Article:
We were also struck by the impact that the venue or location where the events were taking place had on our experiences: the dark, grand setting of the lecture hall of the Mining Institute for Anna Molska’s The Weavers underlined the sense of foreboding in the work; and Akio Suzuki’s oto-date took the art experience outside the gallery space and on to the streets of Newcastle, creating an engagement with people who either knowingly or unknowingly interacted with the work.

In the evening, we were treated to the unflinching and, at times harrowing portrayal of a Chinese labour camp in Wang Bing’s The Ditch. Based on the artist’s interviews with the survivors, the film gave a brutal account of prison life in the Gobi Desert. The juxtaposition of this and another of Wang Bing’s films Crude Oil, which we had viewed earlier that day, was interesting. Crude Oil is a 14 hour epic, which has to be screened over two days, following the lives of crude oil extractors working in the Gobi Desert. When we went to view the work, the workers were on a break, so we experienced a strange half hour or so of watching them watching TV. Despite this, the contrast of two films centred on the same location, with differing themes based around hard labour, was of interest and these kinds of relationships may inform our own programme as we begin to schedule our film festival.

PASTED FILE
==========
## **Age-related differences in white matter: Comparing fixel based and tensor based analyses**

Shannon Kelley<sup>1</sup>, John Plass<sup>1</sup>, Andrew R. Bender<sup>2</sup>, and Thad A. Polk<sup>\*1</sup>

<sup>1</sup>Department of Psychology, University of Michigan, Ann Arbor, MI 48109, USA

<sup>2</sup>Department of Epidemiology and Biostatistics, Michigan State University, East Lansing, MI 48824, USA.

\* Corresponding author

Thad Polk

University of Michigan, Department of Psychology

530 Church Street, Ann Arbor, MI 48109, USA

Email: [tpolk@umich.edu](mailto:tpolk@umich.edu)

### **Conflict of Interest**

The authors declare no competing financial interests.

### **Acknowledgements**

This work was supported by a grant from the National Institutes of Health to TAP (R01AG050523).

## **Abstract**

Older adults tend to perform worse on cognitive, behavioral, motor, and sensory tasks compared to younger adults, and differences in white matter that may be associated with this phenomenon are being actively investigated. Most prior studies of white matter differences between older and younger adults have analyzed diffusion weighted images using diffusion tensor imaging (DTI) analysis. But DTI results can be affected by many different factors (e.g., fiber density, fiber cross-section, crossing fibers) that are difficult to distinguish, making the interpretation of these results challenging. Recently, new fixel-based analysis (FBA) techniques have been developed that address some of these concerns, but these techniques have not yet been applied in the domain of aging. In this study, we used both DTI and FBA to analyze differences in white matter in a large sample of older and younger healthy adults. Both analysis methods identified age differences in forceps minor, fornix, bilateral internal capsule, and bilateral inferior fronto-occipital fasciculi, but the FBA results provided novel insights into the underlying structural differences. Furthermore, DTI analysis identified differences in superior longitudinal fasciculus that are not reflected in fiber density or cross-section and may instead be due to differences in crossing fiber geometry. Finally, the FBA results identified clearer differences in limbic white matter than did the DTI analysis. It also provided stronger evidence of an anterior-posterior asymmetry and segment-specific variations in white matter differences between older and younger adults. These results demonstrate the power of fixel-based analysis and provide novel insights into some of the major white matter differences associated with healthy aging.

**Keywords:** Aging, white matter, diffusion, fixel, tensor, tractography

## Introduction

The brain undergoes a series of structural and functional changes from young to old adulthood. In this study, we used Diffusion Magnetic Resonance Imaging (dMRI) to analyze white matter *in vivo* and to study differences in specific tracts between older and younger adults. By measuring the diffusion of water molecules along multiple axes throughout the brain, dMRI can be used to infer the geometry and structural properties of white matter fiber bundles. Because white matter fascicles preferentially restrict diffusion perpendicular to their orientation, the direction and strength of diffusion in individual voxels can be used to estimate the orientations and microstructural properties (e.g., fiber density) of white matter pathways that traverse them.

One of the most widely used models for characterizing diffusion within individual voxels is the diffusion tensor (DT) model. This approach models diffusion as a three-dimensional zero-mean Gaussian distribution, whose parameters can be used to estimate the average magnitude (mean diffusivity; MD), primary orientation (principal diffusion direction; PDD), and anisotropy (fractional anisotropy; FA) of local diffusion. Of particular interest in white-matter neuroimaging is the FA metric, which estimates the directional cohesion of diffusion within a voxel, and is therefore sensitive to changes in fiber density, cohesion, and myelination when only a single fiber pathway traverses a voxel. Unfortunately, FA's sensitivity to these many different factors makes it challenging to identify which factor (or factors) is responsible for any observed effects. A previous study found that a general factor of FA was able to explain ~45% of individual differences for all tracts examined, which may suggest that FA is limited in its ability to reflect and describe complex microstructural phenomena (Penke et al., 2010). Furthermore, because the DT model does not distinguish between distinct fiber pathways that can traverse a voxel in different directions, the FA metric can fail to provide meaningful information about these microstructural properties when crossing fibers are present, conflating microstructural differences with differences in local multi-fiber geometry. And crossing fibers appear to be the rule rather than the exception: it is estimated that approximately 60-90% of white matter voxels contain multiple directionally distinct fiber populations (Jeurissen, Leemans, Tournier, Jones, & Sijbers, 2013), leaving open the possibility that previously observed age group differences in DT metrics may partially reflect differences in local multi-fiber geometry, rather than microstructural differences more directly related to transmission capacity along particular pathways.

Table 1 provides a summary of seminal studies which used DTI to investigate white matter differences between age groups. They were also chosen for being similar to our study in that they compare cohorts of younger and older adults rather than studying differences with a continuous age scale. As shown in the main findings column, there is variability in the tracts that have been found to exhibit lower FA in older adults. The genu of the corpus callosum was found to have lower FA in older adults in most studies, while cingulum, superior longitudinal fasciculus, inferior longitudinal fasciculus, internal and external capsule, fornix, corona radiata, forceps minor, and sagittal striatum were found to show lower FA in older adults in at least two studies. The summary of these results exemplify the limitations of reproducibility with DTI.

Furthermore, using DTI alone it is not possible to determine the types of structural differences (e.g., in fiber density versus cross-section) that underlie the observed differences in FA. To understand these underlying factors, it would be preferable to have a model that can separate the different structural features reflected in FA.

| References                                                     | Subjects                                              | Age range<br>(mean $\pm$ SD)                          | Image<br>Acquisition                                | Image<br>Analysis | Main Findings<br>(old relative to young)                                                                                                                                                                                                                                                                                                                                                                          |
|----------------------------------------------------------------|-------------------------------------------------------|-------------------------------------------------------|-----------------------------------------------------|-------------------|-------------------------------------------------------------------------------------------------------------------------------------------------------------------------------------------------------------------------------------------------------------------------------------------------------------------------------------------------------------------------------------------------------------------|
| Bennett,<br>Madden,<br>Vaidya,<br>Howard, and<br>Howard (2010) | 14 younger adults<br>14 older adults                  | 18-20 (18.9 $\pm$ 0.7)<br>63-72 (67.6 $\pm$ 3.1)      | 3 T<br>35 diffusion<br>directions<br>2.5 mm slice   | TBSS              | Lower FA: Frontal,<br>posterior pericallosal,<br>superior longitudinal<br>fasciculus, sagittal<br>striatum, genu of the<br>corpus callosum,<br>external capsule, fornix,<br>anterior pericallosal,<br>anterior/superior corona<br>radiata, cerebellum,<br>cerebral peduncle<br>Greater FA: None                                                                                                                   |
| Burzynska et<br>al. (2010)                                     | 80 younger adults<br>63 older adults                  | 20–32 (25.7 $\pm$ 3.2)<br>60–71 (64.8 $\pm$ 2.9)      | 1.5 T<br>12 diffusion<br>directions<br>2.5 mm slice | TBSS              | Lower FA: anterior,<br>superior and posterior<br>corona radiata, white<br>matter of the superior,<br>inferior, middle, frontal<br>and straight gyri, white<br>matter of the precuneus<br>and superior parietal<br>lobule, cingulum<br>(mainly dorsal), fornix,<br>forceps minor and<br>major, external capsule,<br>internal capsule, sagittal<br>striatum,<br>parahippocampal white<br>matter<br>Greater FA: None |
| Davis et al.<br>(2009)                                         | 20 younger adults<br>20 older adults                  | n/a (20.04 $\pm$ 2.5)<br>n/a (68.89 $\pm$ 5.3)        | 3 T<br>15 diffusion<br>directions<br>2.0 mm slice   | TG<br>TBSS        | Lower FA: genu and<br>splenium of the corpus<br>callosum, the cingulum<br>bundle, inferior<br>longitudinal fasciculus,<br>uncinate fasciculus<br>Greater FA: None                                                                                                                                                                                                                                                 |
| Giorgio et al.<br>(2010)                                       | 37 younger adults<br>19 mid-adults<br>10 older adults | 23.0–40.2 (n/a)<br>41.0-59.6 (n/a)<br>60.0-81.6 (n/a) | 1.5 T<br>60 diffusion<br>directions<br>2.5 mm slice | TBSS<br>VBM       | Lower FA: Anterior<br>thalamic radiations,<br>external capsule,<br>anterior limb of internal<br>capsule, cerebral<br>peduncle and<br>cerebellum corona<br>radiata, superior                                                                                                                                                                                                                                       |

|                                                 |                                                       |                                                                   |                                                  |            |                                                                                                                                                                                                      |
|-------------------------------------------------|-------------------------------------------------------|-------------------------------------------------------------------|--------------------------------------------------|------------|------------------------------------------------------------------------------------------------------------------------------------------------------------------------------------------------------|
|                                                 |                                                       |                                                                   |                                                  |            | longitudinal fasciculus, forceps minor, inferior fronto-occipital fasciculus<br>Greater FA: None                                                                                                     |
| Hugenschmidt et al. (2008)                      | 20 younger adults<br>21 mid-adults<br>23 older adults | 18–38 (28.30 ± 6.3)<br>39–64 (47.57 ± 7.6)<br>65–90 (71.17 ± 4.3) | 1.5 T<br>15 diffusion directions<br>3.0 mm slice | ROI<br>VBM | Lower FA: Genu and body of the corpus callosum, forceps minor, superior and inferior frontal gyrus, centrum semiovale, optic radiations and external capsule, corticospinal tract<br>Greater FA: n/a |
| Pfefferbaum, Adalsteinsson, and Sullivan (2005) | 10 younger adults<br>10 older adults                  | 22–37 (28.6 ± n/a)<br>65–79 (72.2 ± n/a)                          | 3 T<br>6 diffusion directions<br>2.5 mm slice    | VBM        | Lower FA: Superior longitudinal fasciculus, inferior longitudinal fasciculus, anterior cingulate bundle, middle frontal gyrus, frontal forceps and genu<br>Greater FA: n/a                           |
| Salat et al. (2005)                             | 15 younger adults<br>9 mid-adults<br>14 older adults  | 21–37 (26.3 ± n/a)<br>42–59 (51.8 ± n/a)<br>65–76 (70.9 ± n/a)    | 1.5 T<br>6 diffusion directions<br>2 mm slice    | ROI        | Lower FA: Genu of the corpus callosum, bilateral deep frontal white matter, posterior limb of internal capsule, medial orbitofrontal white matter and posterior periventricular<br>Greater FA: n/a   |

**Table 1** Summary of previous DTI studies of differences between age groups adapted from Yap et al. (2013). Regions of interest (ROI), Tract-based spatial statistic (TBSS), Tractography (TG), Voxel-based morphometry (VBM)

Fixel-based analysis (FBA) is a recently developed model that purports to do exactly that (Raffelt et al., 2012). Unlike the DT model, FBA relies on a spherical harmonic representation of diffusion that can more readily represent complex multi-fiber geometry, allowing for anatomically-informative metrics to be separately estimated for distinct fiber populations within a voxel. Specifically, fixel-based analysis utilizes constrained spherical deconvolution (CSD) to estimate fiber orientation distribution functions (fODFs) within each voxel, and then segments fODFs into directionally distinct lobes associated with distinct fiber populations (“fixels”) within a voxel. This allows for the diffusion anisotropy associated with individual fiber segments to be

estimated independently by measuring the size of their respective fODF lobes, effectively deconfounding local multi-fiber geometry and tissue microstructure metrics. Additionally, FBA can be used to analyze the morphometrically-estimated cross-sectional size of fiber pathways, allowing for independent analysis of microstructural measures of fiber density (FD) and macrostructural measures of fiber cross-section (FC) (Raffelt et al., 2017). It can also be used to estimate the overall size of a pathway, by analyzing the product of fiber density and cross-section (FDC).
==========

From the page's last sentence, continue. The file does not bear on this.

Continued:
Wnag Bing's Crude Oil

Wang Bing’s Crude Oil